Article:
“I don't divide the world into the weak and the strong, or the successes and the failures, those who make it or those who don't. I divide the world into learners and non-learners.”
-Benjamin R. Barber
“In theory there is no difference between theory and practice. In practice there is.”
“Science is not only a disciple of reason but, also, one of romance and passion.”
“Computers are useless. They can only give you answers.”
Our research is in the field of theory and simulation of condensed matter and revolves around application of quantum-mechanical based computational methods to study advanced materials for sustainable energy and device applications. The key focus is on the development of fundamental understanding of atomic-scale mechanisms that govern (nano)materials properties, especially at electrochemical interfaces. To this end, we employ a variety of theoretical methods including density-functional-theory static and molecular dynamics simulations combined with enhanced free-energy sampling techniques, Marcus electron transfer theory, Monte Carlo and ab initio thermodynamics approaches.
Redox Flow Batteries.
Redox flow batteries (RFBs) represent a viable solution for large-scale energy storage applications that are capable of storing large amounts of electrical energy from intermittent renewable sources by electrochemical reactions of redox species dissolved in liquid electrolytes at the active surface sites of electrodes. Despite years of experimental efforts, atomic-scale details about the mechanisms of reactions occurring in the electrolyte solutions and at the electrode surfaces in RFBs, required for further enhancement of energy and power density, are still lacking. We are undertaking systematic first-principles studies to understand both solution and interfacial electrochemistry of RFBs. Our current focus is on the chemistry of vanadium RFBs (V2+/V3+ and VO2+/ VO2+ redox couples) and electrocatalytic properties of carbon-based (graphite, graphene) electrodes for which a wealth of experimental data is available.
Figure on the right shows free-energy profiles for the adsorption-desorption processes between outer- and inner-sphere complexes of aqueous V2+ and V3+ at the edge graphite as simulated using AIMD-based metadynamics.
Jiang Z., Klyukin K. and Alexandrov V. “First-Principles Study of Adsorption-Desorption Kinetics of Aqueous V2+/V3+ Redox Species on Graphite in a Vanadium Redox Flow Battery.”
Physical Chemistry Chemical Physics (Communication) 19, 14897-14901 (2017)
Jiang Z., Klyukin K. and Alexandrov V. “Structure, Hydrolysis and Diffusion of Aqueous Vanadium Ions from Car-Parrinello Molecular Dynamics.”
Journal of Chemical Physics 145, 114303-114311 (2016)
Catalytic Conversion of CO2.
The problem of anthropogenic CO2 emissions has been recently attracting a lot of attention due to a dramatic rise of CO2 in the atmosphere in the last few decades. The design of new catalysts with improved efficiency and selectivity that would enable low-cost CO2 conversion to valuable chemicals is necessary for sustainable carbon-free economics. We aim to contribute to the development of a comprehensive atomistic understanding of CO2 reaction mechanisms over non-metal and metal-oxide based catalysts under realistic reaction conditions.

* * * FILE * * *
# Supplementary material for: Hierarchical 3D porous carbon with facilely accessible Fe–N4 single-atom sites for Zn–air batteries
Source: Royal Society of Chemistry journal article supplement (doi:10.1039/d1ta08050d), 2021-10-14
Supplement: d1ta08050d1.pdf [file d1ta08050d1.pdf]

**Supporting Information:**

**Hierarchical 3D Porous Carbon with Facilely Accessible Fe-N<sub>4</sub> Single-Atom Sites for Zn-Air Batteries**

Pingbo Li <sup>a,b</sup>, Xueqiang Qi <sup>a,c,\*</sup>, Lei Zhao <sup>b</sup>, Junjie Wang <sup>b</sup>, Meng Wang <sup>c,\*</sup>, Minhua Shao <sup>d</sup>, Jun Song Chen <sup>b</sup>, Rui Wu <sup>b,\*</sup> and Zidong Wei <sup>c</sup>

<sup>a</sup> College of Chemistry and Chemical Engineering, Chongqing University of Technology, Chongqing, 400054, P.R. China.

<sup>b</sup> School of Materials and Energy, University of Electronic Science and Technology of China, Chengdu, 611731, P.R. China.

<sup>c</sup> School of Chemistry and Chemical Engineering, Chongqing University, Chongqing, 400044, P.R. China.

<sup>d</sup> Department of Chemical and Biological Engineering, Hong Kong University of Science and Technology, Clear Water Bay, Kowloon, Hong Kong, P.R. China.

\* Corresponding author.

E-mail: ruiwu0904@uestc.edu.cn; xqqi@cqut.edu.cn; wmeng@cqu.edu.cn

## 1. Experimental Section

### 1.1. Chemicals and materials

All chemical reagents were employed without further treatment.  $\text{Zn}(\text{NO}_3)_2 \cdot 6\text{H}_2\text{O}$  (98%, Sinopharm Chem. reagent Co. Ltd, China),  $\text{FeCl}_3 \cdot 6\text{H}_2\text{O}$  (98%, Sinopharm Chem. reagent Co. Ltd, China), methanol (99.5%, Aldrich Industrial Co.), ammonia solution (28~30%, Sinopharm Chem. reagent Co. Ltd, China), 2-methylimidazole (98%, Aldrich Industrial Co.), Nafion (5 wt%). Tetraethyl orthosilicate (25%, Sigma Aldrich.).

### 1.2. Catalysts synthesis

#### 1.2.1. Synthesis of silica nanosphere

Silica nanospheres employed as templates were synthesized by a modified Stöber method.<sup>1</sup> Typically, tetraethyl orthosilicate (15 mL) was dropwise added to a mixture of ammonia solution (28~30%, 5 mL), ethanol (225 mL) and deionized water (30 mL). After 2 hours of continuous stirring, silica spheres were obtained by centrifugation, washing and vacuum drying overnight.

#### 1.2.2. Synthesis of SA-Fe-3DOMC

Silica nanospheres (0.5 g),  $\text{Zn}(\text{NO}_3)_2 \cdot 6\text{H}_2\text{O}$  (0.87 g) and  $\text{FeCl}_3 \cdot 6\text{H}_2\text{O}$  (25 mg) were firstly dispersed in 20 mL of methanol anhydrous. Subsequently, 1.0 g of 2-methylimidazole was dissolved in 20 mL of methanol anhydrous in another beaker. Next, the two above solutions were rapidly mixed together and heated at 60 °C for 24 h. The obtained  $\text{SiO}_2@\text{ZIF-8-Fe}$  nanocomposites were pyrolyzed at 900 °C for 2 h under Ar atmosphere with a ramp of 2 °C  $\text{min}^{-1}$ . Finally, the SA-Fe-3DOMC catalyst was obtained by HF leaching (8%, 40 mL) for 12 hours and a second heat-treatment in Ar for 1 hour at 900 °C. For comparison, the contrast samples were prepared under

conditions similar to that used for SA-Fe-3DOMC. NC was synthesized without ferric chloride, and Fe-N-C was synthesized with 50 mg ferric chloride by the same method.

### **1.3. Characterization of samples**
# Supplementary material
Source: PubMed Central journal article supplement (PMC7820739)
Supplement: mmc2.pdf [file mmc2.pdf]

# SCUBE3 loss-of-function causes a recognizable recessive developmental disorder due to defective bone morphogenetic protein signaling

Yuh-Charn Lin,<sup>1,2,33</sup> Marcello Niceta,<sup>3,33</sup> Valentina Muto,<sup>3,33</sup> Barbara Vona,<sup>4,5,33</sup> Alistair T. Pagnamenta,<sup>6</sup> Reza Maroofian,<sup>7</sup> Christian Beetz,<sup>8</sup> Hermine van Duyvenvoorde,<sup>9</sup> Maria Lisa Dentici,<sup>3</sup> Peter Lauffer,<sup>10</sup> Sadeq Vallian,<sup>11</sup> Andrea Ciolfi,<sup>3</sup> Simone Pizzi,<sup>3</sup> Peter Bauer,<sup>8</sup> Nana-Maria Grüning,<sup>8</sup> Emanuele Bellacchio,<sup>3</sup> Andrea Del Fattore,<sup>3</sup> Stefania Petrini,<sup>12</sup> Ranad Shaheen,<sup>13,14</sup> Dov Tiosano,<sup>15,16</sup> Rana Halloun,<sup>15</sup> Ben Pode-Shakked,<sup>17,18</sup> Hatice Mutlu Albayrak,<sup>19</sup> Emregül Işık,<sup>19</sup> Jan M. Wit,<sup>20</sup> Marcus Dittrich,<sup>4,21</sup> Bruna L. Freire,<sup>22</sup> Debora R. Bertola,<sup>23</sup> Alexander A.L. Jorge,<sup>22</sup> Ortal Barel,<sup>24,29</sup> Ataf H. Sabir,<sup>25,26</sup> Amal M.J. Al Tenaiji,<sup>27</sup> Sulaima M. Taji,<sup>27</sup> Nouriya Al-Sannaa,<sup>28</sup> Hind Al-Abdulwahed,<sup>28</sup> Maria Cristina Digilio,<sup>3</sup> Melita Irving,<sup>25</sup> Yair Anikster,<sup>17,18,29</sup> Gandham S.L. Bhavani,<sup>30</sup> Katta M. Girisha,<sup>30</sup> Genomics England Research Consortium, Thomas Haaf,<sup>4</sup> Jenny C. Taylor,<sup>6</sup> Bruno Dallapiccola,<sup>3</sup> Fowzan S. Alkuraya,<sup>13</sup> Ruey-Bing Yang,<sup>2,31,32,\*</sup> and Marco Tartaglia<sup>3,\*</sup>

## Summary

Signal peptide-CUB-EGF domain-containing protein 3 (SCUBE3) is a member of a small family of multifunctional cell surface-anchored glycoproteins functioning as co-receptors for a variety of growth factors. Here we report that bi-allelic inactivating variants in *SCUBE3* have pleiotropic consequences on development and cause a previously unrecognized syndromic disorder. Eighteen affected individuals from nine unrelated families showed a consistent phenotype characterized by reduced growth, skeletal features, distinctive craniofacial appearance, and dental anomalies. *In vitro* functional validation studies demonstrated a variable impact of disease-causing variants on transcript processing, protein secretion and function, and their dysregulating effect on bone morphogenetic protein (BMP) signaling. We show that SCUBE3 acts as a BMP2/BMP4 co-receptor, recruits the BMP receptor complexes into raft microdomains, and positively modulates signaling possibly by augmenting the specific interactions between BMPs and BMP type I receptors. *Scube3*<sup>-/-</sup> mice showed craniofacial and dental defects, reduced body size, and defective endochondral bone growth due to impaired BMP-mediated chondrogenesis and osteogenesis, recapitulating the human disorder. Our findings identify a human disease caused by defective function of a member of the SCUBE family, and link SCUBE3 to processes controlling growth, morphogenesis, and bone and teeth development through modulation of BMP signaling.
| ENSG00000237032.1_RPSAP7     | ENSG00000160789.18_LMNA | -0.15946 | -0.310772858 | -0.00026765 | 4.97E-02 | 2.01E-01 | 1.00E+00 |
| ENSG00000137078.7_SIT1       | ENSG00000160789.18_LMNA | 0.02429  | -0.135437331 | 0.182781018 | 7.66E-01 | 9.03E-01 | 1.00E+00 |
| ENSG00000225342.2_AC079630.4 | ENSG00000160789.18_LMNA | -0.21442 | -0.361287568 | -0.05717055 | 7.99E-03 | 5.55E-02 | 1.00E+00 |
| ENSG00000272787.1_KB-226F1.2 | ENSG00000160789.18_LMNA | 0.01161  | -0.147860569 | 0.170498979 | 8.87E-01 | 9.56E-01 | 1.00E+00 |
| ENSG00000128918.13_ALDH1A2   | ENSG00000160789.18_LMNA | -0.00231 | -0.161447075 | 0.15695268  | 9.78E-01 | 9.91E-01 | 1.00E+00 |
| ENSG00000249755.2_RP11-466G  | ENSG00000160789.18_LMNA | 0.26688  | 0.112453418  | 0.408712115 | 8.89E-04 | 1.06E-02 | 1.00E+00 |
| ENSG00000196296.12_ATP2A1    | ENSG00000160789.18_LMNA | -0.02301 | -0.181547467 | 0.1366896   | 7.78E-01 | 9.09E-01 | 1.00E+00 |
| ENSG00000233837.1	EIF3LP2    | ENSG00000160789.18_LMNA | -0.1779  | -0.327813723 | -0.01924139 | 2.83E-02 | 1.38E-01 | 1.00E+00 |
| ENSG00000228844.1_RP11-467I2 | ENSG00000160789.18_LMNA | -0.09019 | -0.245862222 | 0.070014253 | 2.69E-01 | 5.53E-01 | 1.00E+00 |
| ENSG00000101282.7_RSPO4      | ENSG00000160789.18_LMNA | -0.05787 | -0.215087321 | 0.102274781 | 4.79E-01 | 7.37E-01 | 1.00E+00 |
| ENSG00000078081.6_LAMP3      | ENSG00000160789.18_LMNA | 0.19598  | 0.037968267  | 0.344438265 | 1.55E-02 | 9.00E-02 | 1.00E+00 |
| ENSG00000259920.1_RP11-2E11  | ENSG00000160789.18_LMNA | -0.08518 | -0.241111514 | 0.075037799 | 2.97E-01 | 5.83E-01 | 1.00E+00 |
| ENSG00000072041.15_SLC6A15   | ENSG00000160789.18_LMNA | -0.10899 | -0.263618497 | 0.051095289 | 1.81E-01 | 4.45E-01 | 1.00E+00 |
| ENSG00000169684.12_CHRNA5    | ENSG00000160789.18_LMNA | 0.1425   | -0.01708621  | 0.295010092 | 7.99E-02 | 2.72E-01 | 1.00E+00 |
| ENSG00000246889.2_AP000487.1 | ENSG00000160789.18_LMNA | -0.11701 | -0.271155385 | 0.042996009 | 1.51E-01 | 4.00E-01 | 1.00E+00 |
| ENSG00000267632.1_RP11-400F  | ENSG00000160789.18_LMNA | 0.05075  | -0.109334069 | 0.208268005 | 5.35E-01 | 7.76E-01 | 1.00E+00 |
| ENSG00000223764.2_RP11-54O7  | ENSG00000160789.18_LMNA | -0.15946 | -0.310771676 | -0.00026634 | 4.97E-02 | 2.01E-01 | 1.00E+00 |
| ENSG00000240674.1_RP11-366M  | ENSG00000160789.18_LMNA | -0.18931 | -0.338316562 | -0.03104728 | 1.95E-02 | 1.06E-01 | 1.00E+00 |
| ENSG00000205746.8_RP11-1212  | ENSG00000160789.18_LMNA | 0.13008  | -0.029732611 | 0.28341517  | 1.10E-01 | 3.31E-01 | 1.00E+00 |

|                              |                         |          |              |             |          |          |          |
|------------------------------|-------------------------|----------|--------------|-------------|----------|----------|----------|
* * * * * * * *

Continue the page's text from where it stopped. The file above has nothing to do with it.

Klyukin K. and Alexandrov V. “CO2 Adsorption and Reactivity on Rutile TiO2(110) in Water: An Ab Initio Molecular Dynamics Study.”
Journal of Physical Chemistry C 121, 10476–10483 (2017)
Low-Dimensional Ferroelectric Systems.
The control over field-induced polarization switching in ferroelectric-based devices cannot be achieved without detailed understanding of the role of atomistic effects on polarization reversal including structural defects and interfacial (electro)chemical reactions. This atomistic control over ferroelectric behavior will lead to enhanced functionality of the various ferroelectric-based devices such as memories and field-effect transistors. Since the degree to which various defects can affect ferroelectric properties and their role in mediating polarization switching are still not completely understood, we perform first-principles calculations to unveil the interplay between polarization, conductivity and material properties. For example, we demonstrate that both the titanium TiSr and strontium SrTi antisite defects induce ferroelectric polarization in otherwise nonferroelectric SrTiO3, while the magnitude of spontaneous polarization in SrTiO3 can be tuned by controlling the degree of Sr/Ti nonstroichiometry. We are also studying the effect of TiSr antisite in SrTiO3 on the tunneling electroresistance (TER) in asymmetric Pt/SrTiO3/Pt ferroelectric tunnel junctions with an attempt to correlate the computational results with experimental observations (as shown in Figure on the right).
Klyukin K. and Alexandrov V. “Effect of Intrinsic Point Defects on Ferroelectric Polarization Behavior of SrTiO3.”
Physical Review B 95, 035301-035308 (2017)